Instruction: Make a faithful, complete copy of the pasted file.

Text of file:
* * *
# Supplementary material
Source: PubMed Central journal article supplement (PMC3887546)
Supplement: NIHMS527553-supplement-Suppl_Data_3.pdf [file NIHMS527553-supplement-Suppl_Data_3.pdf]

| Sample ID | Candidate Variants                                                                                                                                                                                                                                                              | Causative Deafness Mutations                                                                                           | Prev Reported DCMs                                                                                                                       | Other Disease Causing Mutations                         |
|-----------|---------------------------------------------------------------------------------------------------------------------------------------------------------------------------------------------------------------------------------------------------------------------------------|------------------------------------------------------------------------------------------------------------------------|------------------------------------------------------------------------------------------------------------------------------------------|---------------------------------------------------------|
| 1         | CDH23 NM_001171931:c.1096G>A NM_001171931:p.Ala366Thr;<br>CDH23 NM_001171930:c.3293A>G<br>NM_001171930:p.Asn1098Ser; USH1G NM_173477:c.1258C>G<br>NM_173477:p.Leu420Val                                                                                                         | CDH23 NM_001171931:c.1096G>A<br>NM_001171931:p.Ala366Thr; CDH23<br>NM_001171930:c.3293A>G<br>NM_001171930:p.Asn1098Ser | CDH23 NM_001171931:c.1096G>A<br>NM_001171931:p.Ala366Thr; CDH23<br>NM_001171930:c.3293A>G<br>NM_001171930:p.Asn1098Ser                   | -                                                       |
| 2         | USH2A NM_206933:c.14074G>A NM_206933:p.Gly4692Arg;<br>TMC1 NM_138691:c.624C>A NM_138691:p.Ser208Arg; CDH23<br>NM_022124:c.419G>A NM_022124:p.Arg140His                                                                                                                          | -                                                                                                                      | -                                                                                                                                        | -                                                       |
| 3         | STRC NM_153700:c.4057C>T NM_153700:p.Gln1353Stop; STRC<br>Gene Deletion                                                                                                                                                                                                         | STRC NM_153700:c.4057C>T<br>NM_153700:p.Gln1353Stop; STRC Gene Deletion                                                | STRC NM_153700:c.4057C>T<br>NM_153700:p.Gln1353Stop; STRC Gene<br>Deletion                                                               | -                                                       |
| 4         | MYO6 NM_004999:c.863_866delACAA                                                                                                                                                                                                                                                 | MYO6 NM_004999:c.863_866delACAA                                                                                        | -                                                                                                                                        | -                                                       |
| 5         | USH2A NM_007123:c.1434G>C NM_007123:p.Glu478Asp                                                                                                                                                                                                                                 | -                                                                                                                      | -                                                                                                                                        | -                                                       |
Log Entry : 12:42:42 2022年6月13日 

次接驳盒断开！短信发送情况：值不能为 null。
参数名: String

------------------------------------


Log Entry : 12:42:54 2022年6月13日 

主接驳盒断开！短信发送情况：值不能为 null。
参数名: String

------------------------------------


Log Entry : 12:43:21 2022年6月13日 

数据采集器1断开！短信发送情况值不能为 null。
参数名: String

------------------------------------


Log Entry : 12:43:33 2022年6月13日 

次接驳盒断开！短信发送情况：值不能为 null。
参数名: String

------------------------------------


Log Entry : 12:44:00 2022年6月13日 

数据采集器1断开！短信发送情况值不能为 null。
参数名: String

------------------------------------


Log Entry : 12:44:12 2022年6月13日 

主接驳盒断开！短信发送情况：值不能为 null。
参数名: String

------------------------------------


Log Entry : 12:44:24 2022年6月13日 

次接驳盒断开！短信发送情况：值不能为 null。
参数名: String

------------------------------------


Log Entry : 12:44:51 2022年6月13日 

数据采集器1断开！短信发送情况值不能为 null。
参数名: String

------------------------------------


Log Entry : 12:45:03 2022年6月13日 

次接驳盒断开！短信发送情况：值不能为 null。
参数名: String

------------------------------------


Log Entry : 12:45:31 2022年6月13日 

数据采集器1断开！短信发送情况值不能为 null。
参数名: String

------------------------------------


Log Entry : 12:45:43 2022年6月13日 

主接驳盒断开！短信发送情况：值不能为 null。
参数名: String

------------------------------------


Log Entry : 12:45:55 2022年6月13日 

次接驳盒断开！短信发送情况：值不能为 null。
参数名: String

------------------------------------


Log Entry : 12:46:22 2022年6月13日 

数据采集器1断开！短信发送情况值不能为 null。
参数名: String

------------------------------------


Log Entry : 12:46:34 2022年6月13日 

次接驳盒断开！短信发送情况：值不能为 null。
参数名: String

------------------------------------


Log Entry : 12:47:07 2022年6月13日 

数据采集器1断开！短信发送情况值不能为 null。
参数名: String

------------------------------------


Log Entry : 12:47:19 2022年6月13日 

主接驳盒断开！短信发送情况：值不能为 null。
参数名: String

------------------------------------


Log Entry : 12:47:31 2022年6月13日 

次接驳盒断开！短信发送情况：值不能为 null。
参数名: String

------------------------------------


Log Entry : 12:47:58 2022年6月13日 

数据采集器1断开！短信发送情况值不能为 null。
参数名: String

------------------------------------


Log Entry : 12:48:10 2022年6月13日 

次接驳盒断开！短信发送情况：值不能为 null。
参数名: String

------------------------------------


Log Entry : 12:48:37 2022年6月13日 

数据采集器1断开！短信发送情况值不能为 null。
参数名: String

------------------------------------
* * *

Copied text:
# Supplementary material
Source: PubMed Central journal article supplement (PMC3887546)
Supplement: NIHMS527553-supplement-Suppl_Data_3.pdf [file NIHMS527553-supplement-Suppl_Data_3.pdf]

| Sample ID | Candidate Variants                                                                                                                                                                                                                                                              | Causative Deafness Mutations                                                                                           | Prev Reported DCMs                                                                                                                       | Other Disease Causing Mutations                         |
|-----------|---------------------------------------------------------------------------------------------------------------------------------------------------------------------------------------------------------------------------------------------------------------------------------|------------------------------------------------------------------------------------------------------------------------|------------------------------------------------------------------------------------------------------------------------------------------|---------------------------------------------------------|
| 1         | CDH23 NM_001171931:c.1096G>A NM_001171931:p.Ala366Thr;<br>CDH23 NM_001171930:c.3293A>G<br>NM_001171930:p.Asn1098Ser; USH1G NM_173477:c.1258C>G<br>NM_173477:p.Leu420Val                                                                                                         | CDH23 NM_001171931:c.1096G>A<br>NM_001171931:p.Ala366Thr; CDH23<br>NM_001171930:c.3293A>G<br>NM_001171930:p.Asn1098Ser | CDH23 NM_001171931:c.1096G>A<br>NM_001171931:p.Ala366Thr; CDH23<br>NM_001171930:c.3293A>G<br>NM_001171930:p.Asn1098Ser                   | -                                                       |
| 2         | USH2A NM_206933:c.14074G>A NM_206933:p.Gly4692Arg;<br>TMC1 NM_138691:c.624C>A NM_138691:p.Ser208Arg; CDH23<br>NM_022124:c.419G>A NM_022124:p.Arg140His                                                                                                                          | -                                                                                                                      | -                                                                                                                                        | -                                                       |
| 3         | STRC NM_153700:c.4057C>T NM_153700:p.Gln1353Stop; STRC<br>Gene Deletion                                                                                                                                                                                                         | STRC NM_153700:c.4057C>T<br>NM_153700:p.Gln1353Stop; STRC Gene Deletion                                                | STRC NM_153700:c.4057C>T<br>NM_153700:p.Gln1353Stop; STRC Gene<br>Deletion                                                               | -                                                       |
| 4         | MYO6 NM_004999:c.863_866delACAA                                                                                                                                                                                                                                                 | MYO6 NM_004999:c.863_866delACAA                                                                                        | -                                                                                                                                        | -                                                       |
| 5         | USH2A NM_007123:c.1434G>C NM_007123:p.Glu478Asp                                                                                                                                                                                                                                 | -                                                                                                                      | -                                                                                                                                        | -                                                       |
Log Entry : 12:42:42 2022年6月13日 

次接驳盒断开！短信发送情况：值不能为 null。
参数名: String

------------------------------------


Log Entry : 12:42:54 2022年6月13日 

主接驳盒断开！短信发送情况：值不能为 null。
参数名: String

------------------------------------


Log Entry : 12:43:21 2022年6月13日 

数据采集器1断开！短信发送情况值不能为 null。
参数名: String

------------------------------------


Log Entry : 12:43:33 2022年6月13日 

次接驳盒断开！短信发送情况：值不能为 null。
参数名: String

------------------------------------


Log Entry : 12:44:00 2022年6月13日 

数据采集器1断开！短信发送情况值不能为 null。
参数名: String

------------------------------------


Log Entry : 12:44:12 2022年6月13日 

主接驳盒断开！短信发送情况：值不能为 null。
参数名: String

------------------------------------


Log Entry : 12:44:24 2022年6月13日 

次接驳盒断开！短信发送情况：值不能为 null。
参数名: String

------------------------------------


Log Entry : 12:44:51 2022年6月13日 

数据采集器1断开！短信发送情况值不能为 null。
参数名: String

------------------------------------


Log Entry : 12:45:03 2022年6月13日 

次接驳盒断开！短信发送情况：值不能为 null。
参数名: String

------------------------------------


Log Entry : 12:45:31 2022年6月13日 

数据采集器1断开！短信发送情况值不能为 null。
参数名: String

------------------------------------


Log Entry : 12:45:43 2022年6月13日 

主接驳盒断开！短信发送情况：值不能为 null。
参数名: String

------------------------------------


Log Entry : 12:45:55 2022年6月13日 

次接驳盒断开！短信发送情况：值不能为 null。
参数名: String

------------------------------------


Log Entry : 12:46:22 2022年6月13日 

数据采集器1断开！短信发送情况值不能为 null。
参数名: String

------------------------------------


Log Entry : 12:46:34 2022年6月13日 

次接驳盒断开！短信发送情况：值不能为 null。
参数名: String

------------------------------------


Log Entry : 12:47:07 2022年6月13日 

数据采集器1断开！短信发送情况值不能为 null。
参数名: String

------------------------------------


Log Entry : 12:47:19 2022年6月13日 

主接驳盒断开！短信发送情况：值不能为 null。
参数名: String

------------------------------------


Log Entry : 12:47:31 2022年6月13日 

次接驳盒断开！短信发送情况：值不能为 null。
参数名: String

------------------------------------


Log Entry : 12:47:58 2022年6月13日 

数据采集器1断开！短信发送情况值不能为 null。
参数名: String

------------------------------------


Log Entry : 12:48:10 2022年6月13日 

次接驳盒断开！短信发送情况：值不能为 null。
参数名: String

------------------------------------


Log Entry : 12:48:37 2022年6月13日 

数据采集器1断开！短信发送情况值不能为 null。
参数名: String

------------------------------------